Dinitrogen (N2) fixation is carried out by specialized microbes, called diazotrophs, and is a major source of nitrogen supporting primary production in oligotrophic oceans. One of the best-characterized diazotroph habitats is the North Pacific Subtropical Gyre (NPSG), where warm, chronically N-limited surface waters promote year-round N2 fixation. At Station ALOHA (A Long-Term Oligotrophic Habitat Assessment) in the NPSG, N2 fixation is typically ascribed to conspicuous, filamentous cyanobacterial diazotrophs (Trichodesmium and Richelia), unicellular free-living Crocosphaera, and the UCYN-A/haptophyte symbiosis, based on using microscopy and quantitative PCR (qPCR). However, the diazotroph community in this ecosystem is diverse and includes non-cyanobacterial diazotrophs (NCDs). We investigated the diversity, depth distributions, and seasonality of diazotroph communities at Stn. ALOHA using high throughput sequencing (HTS) of nifH gene fragments from samples collected throughout the euphotic zone (0-175 m) at near-monthly intervals from June 2013 to July 2016. The UCYN-A symbioses and Trichodesmium sp. consistently had the highest relative abundances and seasonal patterns that corroborated qPCR-based analyses. Other prevalent community members included a new Crocosphaera-like species, and several NCDs affiliated with γ- and δ-proteobacteria. Notably, some of the NCDs appear to be stable components of the community at Stn. ALOHA, having also been reported in prior studies. Depth and temporal patterns in microdiversity within two major diazotroph groups (Trichodesmium and UCYN-A) suggested that sub-populations are adapted to time- and depth-dependent environmental variation. A network analysis of the upper euphotic (0-75 m) HTS data identified two modules that reflect a diazotroph community structure with seasonal turnover between UCYN-A/Gamma A, and Trichodesmium/Crocosphaera. It also reveals the seasonality of several important cyanobacteria and NCDs about which little is known, including a putative δ-proteobacterial phylotype originally discovered at Stn. ALOHA. Collectively, these results underscore the importance of coupling nifH gene HTS with other molecular techniques to obtain a comprehensive view of diazotroph community composition in the marine environment and reveal several understudied diazotroph groups that may contribute to N2 fixation in the NPSG.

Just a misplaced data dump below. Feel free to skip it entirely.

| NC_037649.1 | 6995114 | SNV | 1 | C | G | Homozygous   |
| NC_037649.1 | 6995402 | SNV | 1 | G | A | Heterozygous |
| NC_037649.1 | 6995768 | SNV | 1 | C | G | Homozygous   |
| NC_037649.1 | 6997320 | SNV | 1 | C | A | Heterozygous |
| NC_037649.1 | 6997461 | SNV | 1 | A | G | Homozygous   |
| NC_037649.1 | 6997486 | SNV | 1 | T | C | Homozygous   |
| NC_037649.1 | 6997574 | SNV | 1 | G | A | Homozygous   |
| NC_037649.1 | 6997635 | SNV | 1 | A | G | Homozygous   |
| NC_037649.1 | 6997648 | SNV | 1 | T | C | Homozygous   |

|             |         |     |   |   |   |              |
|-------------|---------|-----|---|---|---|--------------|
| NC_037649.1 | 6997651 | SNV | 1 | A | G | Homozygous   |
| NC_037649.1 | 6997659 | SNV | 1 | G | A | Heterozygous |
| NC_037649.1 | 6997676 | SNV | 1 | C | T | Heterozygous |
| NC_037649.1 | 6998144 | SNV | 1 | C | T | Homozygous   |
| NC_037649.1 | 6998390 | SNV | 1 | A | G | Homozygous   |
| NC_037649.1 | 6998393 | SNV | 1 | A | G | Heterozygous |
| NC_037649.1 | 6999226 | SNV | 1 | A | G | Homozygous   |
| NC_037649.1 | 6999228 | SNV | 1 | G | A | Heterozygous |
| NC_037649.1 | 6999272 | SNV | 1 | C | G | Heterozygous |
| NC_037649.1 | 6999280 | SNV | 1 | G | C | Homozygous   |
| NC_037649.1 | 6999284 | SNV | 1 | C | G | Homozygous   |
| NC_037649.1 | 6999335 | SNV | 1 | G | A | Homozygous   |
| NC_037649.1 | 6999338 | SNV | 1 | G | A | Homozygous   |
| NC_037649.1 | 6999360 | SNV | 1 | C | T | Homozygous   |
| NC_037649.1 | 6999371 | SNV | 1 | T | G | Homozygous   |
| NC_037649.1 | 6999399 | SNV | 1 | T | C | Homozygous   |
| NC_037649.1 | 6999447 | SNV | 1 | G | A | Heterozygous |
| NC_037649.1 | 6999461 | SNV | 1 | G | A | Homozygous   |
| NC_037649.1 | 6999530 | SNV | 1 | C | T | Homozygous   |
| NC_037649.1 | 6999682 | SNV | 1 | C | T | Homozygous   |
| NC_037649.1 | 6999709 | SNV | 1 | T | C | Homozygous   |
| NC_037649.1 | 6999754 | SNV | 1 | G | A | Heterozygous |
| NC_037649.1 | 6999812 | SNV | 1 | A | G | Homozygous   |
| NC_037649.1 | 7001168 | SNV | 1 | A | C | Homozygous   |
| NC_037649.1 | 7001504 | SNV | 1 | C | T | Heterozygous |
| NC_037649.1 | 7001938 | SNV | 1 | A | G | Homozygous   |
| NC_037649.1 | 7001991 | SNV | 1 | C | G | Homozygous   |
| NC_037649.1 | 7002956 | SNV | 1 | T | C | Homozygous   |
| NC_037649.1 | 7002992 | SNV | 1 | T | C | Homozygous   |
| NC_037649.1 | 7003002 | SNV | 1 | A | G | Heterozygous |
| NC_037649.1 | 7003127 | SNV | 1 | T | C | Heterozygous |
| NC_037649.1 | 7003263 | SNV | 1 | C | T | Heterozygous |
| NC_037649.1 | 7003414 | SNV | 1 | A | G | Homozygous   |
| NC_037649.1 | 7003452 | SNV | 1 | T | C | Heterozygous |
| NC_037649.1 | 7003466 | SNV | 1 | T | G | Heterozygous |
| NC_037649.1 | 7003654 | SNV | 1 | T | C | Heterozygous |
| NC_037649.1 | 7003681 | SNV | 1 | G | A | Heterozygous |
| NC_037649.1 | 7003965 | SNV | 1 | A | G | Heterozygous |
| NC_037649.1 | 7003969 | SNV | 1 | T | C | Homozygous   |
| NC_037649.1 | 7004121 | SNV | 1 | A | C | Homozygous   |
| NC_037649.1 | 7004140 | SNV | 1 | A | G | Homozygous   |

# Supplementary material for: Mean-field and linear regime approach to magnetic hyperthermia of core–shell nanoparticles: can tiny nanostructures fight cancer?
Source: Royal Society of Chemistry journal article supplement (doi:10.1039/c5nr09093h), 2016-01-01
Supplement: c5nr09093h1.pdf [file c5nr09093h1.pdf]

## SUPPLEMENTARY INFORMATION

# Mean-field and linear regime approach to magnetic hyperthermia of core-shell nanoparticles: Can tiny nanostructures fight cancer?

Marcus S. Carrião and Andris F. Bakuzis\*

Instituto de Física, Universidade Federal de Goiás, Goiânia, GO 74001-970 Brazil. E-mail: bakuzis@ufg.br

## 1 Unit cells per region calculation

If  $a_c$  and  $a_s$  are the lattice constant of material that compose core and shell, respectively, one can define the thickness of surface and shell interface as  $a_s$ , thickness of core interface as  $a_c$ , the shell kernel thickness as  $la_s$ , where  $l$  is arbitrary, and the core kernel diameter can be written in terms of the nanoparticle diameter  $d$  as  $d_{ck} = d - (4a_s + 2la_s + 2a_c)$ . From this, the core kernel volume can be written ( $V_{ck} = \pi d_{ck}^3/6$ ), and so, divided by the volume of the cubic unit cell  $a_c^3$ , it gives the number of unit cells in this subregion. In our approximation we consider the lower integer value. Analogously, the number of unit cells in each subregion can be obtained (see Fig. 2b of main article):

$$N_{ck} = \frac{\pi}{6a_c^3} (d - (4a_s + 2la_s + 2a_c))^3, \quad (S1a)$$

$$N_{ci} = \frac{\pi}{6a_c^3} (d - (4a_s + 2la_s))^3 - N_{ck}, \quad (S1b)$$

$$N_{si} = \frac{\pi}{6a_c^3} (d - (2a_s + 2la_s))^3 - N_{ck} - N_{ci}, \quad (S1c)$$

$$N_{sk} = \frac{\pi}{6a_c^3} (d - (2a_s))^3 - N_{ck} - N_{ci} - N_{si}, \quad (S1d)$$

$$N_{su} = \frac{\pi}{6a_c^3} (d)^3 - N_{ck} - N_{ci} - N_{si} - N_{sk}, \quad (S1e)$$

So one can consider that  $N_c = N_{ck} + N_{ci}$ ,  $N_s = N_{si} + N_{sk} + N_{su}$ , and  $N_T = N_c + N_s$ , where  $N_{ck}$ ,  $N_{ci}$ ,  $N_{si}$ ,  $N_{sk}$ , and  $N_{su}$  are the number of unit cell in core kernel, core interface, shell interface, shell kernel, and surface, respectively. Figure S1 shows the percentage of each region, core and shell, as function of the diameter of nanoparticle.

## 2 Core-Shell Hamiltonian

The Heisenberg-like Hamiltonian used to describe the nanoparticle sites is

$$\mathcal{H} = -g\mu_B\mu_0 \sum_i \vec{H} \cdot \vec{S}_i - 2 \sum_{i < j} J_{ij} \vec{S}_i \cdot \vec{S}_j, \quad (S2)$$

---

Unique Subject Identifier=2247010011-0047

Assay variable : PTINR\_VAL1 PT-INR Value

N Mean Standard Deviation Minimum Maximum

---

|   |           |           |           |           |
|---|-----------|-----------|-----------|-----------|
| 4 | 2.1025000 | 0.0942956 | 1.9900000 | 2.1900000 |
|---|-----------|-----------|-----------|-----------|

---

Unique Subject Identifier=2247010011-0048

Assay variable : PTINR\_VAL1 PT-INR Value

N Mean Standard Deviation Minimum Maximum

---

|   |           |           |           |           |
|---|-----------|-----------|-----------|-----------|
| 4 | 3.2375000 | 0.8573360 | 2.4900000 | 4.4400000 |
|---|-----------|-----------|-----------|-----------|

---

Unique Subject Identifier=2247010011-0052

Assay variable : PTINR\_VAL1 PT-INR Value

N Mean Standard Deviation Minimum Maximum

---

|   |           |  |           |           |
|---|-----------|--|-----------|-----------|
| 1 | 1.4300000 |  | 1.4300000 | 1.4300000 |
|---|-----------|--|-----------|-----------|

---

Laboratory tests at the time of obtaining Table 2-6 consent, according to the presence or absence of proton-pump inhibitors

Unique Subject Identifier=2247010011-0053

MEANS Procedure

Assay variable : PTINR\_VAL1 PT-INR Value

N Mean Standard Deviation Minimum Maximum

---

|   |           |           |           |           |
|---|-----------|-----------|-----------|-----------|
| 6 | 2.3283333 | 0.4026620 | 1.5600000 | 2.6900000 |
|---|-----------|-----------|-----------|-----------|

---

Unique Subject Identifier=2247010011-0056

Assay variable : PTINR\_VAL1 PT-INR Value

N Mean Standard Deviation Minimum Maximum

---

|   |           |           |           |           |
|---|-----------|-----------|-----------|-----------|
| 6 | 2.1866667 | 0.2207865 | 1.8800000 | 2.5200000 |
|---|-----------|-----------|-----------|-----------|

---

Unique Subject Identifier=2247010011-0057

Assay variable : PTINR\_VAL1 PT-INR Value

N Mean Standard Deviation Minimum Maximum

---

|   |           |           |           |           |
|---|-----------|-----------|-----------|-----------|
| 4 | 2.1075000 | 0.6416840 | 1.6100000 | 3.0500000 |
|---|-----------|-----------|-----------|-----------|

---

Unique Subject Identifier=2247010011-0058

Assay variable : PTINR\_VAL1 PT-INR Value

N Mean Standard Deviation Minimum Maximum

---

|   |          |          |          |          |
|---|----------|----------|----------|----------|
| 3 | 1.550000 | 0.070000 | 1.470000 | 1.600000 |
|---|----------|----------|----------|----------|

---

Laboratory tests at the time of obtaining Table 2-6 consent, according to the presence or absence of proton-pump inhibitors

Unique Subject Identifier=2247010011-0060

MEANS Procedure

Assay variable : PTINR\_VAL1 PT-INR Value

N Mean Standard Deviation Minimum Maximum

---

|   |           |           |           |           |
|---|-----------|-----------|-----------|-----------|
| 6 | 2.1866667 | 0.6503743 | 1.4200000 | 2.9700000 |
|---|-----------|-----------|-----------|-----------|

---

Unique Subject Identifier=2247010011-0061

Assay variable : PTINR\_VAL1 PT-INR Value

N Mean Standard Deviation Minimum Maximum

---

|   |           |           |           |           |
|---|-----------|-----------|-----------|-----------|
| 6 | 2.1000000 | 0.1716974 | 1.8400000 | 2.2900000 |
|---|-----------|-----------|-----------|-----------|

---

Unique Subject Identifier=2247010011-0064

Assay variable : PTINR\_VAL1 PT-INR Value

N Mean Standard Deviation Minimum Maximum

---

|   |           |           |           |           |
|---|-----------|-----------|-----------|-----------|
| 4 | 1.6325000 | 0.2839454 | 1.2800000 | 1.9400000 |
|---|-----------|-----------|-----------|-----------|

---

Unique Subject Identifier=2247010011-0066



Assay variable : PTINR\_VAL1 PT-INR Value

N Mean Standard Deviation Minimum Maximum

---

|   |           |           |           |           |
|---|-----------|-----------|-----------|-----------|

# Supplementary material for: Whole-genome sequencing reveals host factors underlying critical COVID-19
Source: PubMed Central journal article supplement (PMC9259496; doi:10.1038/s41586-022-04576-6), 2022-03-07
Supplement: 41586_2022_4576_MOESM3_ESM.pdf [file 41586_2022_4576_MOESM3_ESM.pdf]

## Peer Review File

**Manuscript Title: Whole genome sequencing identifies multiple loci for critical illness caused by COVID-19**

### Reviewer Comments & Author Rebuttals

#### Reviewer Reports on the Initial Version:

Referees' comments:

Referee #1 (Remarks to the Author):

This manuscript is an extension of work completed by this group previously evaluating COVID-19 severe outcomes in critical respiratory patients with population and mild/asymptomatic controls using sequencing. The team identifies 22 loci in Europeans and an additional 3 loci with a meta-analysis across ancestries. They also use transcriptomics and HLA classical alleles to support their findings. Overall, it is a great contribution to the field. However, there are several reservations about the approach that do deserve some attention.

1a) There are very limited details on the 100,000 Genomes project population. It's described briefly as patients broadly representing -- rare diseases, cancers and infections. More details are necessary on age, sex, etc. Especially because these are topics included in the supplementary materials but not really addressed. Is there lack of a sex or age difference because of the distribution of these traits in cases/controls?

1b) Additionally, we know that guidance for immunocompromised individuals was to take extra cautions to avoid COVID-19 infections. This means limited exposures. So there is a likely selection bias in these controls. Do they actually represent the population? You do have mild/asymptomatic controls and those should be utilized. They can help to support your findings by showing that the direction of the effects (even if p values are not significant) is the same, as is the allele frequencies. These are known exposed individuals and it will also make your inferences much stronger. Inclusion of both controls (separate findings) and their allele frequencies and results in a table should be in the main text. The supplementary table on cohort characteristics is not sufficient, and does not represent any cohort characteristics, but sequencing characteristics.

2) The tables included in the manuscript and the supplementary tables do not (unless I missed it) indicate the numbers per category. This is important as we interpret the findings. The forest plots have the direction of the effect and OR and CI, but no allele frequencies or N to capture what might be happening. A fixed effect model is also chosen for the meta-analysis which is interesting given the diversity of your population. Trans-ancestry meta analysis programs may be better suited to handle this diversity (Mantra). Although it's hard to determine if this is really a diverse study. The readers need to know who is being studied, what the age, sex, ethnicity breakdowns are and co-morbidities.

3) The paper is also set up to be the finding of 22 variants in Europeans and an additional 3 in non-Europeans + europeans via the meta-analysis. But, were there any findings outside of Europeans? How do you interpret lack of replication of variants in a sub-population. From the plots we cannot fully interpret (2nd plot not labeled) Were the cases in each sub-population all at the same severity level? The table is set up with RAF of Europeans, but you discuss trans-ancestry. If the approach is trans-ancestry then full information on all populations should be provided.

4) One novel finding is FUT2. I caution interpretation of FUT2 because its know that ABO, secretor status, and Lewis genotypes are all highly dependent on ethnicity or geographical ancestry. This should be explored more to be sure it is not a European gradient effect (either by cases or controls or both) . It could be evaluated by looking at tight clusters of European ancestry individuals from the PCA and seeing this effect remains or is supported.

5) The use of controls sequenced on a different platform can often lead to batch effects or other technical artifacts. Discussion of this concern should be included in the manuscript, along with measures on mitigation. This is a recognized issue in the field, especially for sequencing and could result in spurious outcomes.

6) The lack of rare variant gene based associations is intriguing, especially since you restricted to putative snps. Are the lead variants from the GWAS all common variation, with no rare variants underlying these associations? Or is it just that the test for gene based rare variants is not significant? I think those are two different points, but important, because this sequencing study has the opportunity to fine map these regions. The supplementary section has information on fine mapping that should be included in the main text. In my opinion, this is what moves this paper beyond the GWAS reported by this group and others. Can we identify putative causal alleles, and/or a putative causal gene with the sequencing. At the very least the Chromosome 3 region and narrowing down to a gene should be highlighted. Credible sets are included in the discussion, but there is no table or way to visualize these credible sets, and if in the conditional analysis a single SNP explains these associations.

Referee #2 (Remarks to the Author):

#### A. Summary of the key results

J.P. Zehr & D.G. Capone (2020) Trends in Microbiology

Biological nitrogen (N2) fixation is critical in global biogeochemical cycles and in sustaining the productivity of the oceans. There remain many unanswered questions, unresolved hypotheses, and unchallenged paradigms. The fundamental balance of N input and losses has not been fully resolved. One of the major N2-fixers, Trichodesmium, remains an enigma with intriguing biological and ecological secrets. Cyanobacterial N2fixation, once thought to be primarily due to free-living cyanobacteria, now also appears to be dependent on microbial interactions, from microbiomes to unicellular symbioses, which remain poorly characterized. Nitrogenase genes associated with diverse non-cyanobacterial diazotrophs (NCDs) are prevalent, but their significance remains a huge knowledge gap. Answering questions, new and old, such as those discussed here, is needed to understand the ocean’s N and C cycles and their responses to environmental change.

A.M. Cabello, K.A. Turk-Kubo,  K. Hayashi, L. Jacobs, R. M. Kudela, and J.P. Zehr (2020) Journal of Phycology